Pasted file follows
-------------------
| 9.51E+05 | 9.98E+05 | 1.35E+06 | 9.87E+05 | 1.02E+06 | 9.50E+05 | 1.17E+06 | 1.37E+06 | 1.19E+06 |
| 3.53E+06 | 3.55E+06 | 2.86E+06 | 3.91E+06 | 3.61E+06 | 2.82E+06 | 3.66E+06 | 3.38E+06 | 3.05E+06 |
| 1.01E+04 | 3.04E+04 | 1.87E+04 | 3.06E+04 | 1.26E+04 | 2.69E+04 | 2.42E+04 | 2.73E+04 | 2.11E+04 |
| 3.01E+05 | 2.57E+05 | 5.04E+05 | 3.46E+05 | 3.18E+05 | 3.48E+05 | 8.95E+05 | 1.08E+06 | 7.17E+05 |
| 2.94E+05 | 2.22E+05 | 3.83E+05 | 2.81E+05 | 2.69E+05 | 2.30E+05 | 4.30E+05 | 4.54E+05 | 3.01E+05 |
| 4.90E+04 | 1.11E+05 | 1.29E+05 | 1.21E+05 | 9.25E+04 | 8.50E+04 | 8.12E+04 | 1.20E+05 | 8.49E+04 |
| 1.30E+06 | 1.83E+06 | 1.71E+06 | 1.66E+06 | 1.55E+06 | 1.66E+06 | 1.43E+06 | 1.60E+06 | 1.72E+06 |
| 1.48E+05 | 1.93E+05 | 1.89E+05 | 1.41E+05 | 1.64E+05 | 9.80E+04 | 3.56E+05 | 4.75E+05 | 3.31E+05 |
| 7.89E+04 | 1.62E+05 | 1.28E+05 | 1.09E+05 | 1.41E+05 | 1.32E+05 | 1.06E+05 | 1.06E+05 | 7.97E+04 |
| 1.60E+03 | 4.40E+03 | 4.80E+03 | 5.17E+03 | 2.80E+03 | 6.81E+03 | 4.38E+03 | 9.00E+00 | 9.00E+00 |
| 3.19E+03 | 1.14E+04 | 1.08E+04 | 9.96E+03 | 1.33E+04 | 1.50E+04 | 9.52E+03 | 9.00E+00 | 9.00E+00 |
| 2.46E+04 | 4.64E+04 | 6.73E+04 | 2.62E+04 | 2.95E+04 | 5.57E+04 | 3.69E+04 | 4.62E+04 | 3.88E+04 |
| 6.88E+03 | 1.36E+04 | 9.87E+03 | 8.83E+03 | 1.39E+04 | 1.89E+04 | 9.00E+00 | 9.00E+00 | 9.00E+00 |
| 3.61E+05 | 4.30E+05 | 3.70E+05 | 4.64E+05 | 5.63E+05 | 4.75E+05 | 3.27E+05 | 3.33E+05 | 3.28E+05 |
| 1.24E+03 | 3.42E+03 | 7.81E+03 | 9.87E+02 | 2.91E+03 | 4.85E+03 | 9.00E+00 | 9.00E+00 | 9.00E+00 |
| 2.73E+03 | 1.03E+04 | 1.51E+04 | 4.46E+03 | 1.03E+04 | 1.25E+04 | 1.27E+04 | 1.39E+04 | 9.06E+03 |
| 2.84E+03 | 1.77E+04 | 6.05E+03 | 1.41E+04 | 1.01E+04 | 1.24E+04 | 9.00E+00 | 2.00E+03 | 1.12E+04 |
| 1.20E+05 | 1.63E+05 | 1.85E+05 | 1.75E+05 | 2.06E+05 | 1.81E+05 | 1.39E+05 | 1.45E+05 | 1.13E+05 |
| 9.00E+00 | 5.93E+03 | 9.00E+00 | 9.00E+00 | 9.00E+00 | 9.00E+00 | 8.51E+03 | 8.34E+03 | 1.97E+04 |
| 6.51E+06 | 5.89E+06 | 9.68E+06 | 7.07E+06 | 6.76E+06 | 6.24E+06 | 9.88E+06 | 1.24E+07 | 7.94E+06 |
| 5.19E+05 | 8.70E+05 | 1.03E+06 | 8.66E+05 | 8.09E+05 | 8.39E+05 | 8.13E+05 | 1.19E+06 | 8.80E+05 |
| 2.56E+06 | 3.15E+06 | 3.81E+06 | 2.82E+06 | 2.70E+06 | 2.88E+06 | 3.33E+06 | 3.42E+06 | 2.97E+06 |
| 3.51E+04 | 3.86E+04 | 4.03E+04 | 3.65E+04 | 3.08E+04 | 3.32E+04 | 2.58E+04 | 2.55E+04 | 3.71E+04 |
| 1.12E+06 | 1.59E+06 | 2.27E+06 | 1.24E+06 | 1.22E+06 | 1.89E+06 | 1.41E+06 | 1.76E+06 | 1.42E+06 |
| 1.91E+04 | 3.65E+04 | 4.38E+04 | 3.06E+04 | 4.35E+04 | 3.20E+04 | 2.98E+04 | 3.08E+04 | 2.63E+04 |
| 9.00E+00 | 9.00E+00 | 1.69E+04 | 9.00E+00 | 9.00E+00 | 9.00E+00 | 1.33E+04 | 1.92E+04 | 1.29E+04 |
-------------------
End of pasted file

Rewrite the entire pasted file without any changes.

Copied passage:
| 9.51E+05 | 9.98E+05 | 1.35E+06 | 9.87E+05 | 1.02E+06 | 9.50E+05 | 1.17E+06 | 1.37E+06 | 1.19E+06 |
| 3.53E+06 | 3.55E+06 | 2.86E+06 | 3.91E+06 | 3.61E+06 | 2.82E+06 | 3.66E+06 | 3.38E+06 | 3.05E+06 |
| 1.01E+04 | 3.04E+04 | 1.87E+04 | 3.06E+04 | 1.26E+04 | 2.69E+04 | 2.42E+04 | 2.73E+04 | 2.11E+04 |
| 3.01E+05 | 2.57E+05 | 5.04E+05 | 3.46E+05 | 3.18E+05 | 3.48E+05 | 8.95E+05 | 1.08E+06 | 7.17E+05 |
| 2.94E+05 | 2.22E+05 | 3.83E+05 | 2.81E+05 | 2.69E+05 | 2.30E+05 | 4.30E+05 | 4.54E+05 | 3.01E+05 |
| 4.90E+04 | 1.11E+05 | 1.29E+05 | 1.21E+05 | 9.25E+04 | 8.50E+04 | 8.12E+04 | 1.20E+05 | 8.49E+04 |
| 1.30E+06 | 1.83E+06 | 1.71E+06 | 1.66E+06 | 1.55E+06 | 1.66E+06 | 1.43E+06 | 1.60E+06 | 1.72E+06 |
| 1.48E+05 | 1.93E+05 | 1.89E+05 | 1.41E+05 | 1.64E+05 | 9.80E+04 | 3.56E+05 | 4.75E+05 | 3.31E+05 |
| 7.89E+04 | 1.62E+05 | 1.28E+05 | 1.09E+05 | 1.41E+05 | 1.32E+05 | 1.06E+05 | 1.06E+05 | 7.97E+04 |
| 1.60E+03 | 4.40E+03 | 4.80E+03 | 5.17E+03 | 2.80E+03 | 6.81E+03 | 4.38E+03 | 9.00E+00 | 9.00E+00 |
| 3.19E+03 | 1.14E+04 | 1.08E+04 | 9.96E+03 | 1.33E+04 | 1.50E+04 | 9.52E+03 | 9.00E+00 | 9.00E+00 |
| 2.46E+04 | 4.64E+04 | 6.73E+04 | 2.62E+04 | 2.95E+04 | 5.57E+04 | 3.69E+04 | 4.62E+04 | 3.88E+04 |
| 6.88E+03 | 1.36E+04 | 9.87E+03 | 8.83E+03 | 1.39E+04 | 1.89E+04 | 9.00E+00 | 9.00E+00 | 9.00E+00 |
| 3.61E+05 | 4.30E+05 | 3.70E+05 | 4.64E+05 | 5.63E+05 | 4.75E+05 | 3.27E+05 | 3.33E+05 | 3.28E+05 |
| 1.24E+03 | 3.42E+03 | 7.81E+03 | 9.87E+02 | 2.91E+03 | 4.85E+03 | 9.00E+00 | 9.00E+00 | 9.00E+00 |
| 2.73E+03 | 1.03E+04 | 1.51E+04 | 4.46E+03 | 1.03E+04 | 1.25E+04 | 1.27E+04 | 1.39E+04 | 9.06E+03 |
| 2.84E+03 | 1.77E+04 | 6.05E+03 | 1.41E+04 | 1.01E+04 | 1.24E+04 | 9.00E+00 | 2.00E+03 | 1.12E+04 |
| 1.20E+05 | 1.63E+05 | 1.85E+05 | 1.75E+05 | 2.06E+05 | 1.81E+05 | 1.39E+05 | 1.45E+05 | 1.13E+05 |
| 9.00E+00 | 5.93E+03 | 9.00E+00 | 9.00E+00 | 9.00E+00 | 9.00E+00 | 8.51E+03 | 8.34E+03 | 1.97E+04 |
| 6.51E+06 | 5.89E+06 | 9.68E+06 | 7.07E+06 | 6.76E+06 | 6.24E+06 | 9.88E+06 | 1.24E+07 | 7.94E+06 |
| 5.19E+05 | 8.70E+05 | 1.03E+06 | 8.66E+05 | 8.09E+05 | 8.39E+05 | 8.13E+05 | 1.19E+06 | 8.80E+05 |
| 2.56E+06 | 3.15E+06 | 3.81E+06 | 2.82E+06 | 2.70E+06 | 2.88E+06 | 3.33E+06 | 3.42E+06 | 2.97E+06 |
| 3.51E+04 | 3.86E+04 | 4.03E+04 | 3.65E+04 | 3.08E+04 | 3.32E+04 | 2.58E+04 | 2.55E+04 | 3.71E+04 |
| 1.12E+06 | 1.59E+06 | 2.27E+06 | 1.24E+06 | 1.22E+06 | 1.89E+06 | 1.41E+06 | 1.76E+06 | 1.42E+06 |
| 1.91E+04 | 3.65E+04 | 4.38E+04 | 3.06E+04 | 4.35E+04 | 3.20E+04 | 2.98E+04 | 3.08E+04 | 2.63E+04 |
| 9.00E+00 | 9.00E+00 | 1.69E+04 | 9.00E+00 | 9.00E+00 | 9.00E+00 | 1.33E+04 | 1.92E+04 | 1.29E+04 |